Great 11Making a film with recorded sound was somewhat discomfiting to Chaplin, who had been used to the audible whirr of the camera equipment (Peter Ackroyd argues that Chaplin even used this audible rhythm to time some of his comedy) as well as the responsive laughter of the stagehands and others on the set. In fact, sound filmmaking required so many additional people that Chaplin was supposedly unsure of who some of them were and what they were doing (although this seems unlikely for a filmmaker who was at pains to control every aspect of his work, sound or no sound). According to some the always dictatorial Chaplin became even more so on set when dressed as and in character as Adenoid Hynkel. Wearing the costume and getting into character saw some of that fantasy dictator spill over into the real world of the filmmaking. According to his writing assistant Dan James, Chaplin had ‘in himself some of the qualities that Hitler had. He dominated his world. He created his world. And Chaplin’s world was not a democracy either. Charlie was the dictator of all those things.’

Great 14Following the release of The Great Dictator, Charlie Chaplin had to face yet another plagiarism claim. This time, a writer named Konrad Bercovici (a friend of Chaplin’s since 1915) claimed he had originated the ideas behind The Great Dictator and had, in fact, discussed them at great length with Chaplin. He wanted to be paid $6 million for not only originating the core idea of Chaplin as Hitler, but also as the originator of such specific scenes as the globe balloon ballet sequence (although this dated back to a 1920’s party piece Chaplin performed, as home movies later revealed). The matter finally came to trial, where Bercovici testified he had written a five page outline for the proposed film and that he and Chaplin had discussed it for several hours. Chaplin was, Bercovici claimed, concerned that ‘the State Department says we cannot ridicule the heads of two states with which we are at peace’. For his part, Chaplin testified he had never seen Bercovici’s outline, despite their lengthy friendship. Bercovici had form in Hollywood; he was regarded as a radical writer (dislike by left and right almost equally) and his ‘Red Revolution’ novel The Volga Boatman had been turned into a film in 1926 by United Artists’ co-founder, D. W Griffith.

However, concerned over the impact the negative publicity could have on Chaplin at a time when he was already under great public scrutiny, the writer-director of The Great Dictator agreed to settle up with Bercovici for $95,000 out of court. If Bercovici’s action was a shakedown operation, it was successful. Oddly, Chaplin did not point to a film made in 1921 that had been directed by and featured his half-brother Sydney—King, Queen, Joker—in which he had played both a lowly barber and a dictator, who resemble one another, in a country in which revolution was brewing. Was this family-connected film actually the true source of the ideas behind The Great Dictator?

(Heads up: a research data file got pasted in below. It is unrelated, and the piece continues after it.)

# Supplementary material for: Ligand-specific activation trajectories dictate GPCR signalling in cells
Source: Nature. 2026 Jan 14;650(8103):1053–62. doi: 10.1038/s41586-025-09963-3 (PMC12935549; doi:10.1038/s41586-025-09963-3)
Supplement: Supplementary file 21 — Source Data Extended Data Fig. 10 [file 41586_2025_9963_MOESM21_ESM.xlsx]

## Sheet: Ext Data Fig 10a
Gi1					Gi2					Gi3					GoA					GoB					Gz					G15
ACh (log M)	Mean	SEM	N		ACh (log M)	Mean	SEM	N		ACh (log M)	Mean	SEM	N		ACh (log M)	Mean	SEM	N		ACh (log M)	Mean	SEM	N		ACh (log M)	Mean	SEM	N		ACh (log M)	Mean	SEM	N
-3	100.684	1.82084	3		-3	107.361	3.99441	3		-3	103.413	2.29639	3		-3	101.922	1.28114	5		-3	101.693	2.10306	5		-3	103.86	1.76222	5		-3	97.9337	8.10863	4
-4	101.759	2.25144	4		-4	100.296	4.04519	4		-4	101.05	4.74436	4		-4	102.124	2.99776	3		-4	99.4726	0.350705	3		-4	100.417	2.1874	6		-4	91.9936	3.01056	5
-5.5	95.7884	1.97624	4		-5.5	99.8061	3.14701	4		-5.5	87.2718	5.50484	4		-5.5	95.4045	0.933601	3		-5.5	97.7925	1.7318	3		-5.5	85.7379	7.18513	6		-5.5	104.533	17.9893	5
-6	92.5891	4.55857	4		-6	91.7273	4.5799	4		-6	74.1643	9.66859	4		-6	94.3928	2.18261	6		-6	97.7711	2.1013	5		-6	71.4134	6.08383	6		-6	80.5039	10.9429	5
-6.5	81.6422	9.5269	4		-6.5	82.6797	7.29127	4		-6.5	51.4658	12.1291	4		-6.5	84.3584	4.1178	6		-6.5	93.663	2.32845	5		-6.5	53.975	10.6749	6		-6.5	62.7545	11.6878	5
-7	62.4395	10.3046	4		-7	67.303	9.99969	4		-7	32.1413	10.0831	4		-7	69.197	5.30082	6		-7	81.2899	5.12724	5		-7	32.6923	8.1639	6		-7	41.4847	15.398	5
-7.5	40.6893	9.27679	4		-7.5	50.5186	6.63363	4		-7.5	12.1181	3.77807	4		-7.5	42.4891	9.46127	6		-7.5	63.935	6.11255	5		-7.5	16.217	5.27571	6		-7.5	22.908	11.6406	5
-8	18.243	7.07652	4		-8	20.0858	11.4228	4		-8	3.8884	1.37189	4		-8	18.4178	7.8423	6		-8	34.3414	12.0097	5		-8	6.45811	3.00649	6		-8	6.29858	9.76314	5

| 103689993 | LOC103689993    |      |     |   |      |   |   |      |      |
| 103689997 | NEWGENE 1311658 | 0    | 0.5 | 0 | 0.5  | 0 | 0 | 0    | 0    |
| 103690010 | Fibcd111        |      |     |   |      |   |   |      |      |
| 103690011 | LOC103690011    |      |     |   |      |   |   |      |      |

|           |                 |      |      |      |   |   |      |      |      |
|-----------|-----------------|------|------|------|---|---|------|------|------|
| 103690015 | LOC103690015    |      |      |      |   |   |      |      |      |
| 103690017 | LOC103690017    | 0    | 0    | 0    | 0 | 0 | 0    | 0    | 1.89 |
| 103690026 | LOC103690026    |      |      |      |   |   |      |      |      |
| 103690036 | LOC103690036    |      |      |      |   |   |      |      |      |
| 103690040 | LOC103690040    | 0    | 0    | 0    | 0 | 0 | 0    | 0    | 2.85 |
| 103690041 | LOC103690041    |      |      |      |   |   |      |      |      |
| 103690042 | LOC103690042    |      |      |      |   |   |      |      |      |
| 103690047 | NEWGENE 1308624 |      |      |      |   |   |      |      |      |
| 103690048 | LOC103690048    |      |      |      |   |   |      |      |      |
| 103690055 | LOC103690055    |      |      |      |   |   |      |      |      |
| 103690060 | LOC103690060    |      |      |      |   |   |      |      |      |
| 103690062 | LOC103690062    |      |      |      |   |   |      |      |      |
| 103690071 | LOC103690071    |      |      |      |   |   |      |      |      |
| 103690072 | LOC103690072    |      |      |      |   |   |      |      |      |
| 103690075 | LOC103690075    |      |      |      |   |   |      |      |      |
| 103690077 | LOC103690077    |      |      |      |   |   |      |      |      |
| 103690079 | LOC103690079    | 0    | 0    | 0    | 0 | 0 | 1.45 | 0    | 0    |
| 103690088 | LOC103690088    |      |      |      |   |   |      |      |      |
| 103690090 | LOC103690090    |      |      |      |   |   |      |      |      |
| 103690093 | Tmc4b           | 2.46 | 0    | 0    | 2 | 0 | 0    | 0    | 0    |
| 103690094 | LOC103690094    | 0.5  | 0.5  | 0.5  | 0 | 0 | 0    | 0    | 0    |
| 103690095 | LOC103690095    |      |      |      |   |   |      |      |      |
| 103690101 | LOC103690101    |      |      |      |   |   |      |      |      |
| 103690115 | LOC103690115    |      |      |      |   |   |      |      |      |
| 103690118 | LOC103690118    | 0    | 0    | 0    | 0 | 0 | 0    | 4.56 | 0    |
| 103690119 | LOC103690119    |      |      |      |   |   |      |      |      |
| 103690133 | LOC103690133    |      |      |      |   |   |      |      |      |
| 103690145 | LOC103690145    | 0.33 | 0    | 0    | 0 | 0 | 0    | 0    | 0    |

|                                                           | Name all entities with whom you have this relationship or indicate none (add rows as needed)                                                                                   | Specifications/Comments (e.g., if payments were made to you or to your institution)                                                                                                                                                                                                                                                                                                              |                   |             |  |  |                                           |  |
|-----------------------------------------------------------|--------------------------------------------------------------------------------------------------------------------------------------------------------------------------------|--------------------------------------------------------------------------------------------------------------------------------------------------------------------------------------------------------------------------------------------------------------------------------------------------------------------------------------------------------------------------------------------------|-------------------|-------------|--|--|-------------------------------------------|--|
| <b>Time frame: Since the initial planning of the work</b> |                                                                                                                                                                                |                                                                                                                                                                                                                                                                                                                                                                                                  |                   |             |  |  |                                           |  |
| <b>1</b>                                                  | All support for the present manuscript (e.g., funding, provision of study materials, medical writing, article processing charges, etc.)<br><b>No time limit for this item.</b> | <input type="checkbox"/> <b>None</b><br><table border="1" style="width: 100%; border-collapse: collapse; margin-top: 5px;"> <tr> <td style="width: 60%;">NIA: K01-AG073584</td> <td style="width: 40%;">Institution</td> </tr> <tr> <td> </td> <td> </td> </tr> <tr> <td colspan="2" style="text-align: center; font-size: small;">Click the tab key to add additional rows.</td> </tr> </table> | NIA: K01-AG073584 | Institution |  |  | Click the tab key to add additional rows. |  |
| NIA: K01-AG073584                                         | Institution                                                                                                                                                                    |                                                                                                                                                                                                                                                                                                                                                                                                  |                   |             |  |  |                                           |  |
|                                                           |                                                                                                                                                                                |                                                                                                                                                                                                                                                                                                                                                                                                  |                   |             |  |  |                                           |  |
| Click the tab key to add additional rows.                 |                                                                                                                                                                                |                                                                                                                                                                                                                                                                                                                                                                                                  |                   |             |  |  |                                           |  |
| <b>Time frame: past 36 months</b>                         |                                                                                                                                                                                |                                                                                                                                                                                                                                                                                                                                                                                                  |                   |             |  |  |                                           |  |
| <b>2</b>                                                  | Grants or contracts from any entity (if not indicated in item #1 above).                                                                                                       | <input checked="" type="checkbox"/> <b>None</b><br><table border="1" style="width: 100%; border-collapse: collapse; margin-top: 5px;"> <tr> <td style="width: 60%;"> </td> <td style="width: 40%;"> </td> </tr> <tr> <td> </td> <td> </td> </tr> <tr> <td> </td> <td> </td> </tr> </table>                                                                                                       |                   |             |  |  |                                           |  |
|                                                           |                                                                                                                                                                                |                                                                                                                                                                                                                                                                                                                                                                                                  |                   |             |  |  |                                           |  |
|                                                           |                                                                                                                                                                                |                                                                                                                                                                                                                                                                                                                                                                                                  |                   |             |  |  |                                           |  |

Great 07Encompassing 559 days of production, only 168 of which were actual shooting days, and costing over $2 million, The Great Dictator proved to be the most expensive Chaplin film yet. It was also one of his most successful, taking more at the box office (taking about $5 million) than any previous Chaplin release. The Great Dictator premiered in two New York theatres on 15 October 1940, a time when America was still equivocating when it came to taking action in the war and at a time when there was still a degree of Nazi support in the country. Chaplin had not only gone against United Artists (whose executives had predicted the film would be a disastrous flop)and the general Hollywood establishment (which was busy appeasing the Nazi party at every opportunity), but he’d also produced a picture that would not gain complete support from the American public, many of whom still felt that they should simply ‘stay out’ of European affairs, as they viewed the war at that stage. ‘More than ever now,’ said Chaplin, ‘the world needs to laugh.’

Nonetheless, some critics saw the timely nature of Chaplin’s scathing satire of those in power in fascist Germany and Italy. In the New York Times, Bosley Crowther wrote: ‘[Chaplin directs] his superlative talent for ridicule against the most dangerously evil man alive.’ While he had some reservations, he called The Great Dictator ‘a truly superb accomplishment by a truly great artist, and—from one point of view—perhaps the most significant film ever produced.’

Great 09There was much concentration on the climatic speech, a clear call-to-action from Chaplin, that the UK’s The Daily Herald dubbed ‘electrifying’ while The Times saw the overall film as ‘a logical development of the mood of Modern Times’. The newspaper noted that the film included ‘a wealth of wit and invention … [and] brilliantly conceived and executed essays in caricature.’ While the film was being made, there had been a suggestion it might be banned in Britain, but that was before the country was at war with Germany. Released just as the Blitz kicked off, The Great Dictator was a very welcome fillip on the British home front (and a suggestion that there may be some support for the anti-Nazi cause in America after all).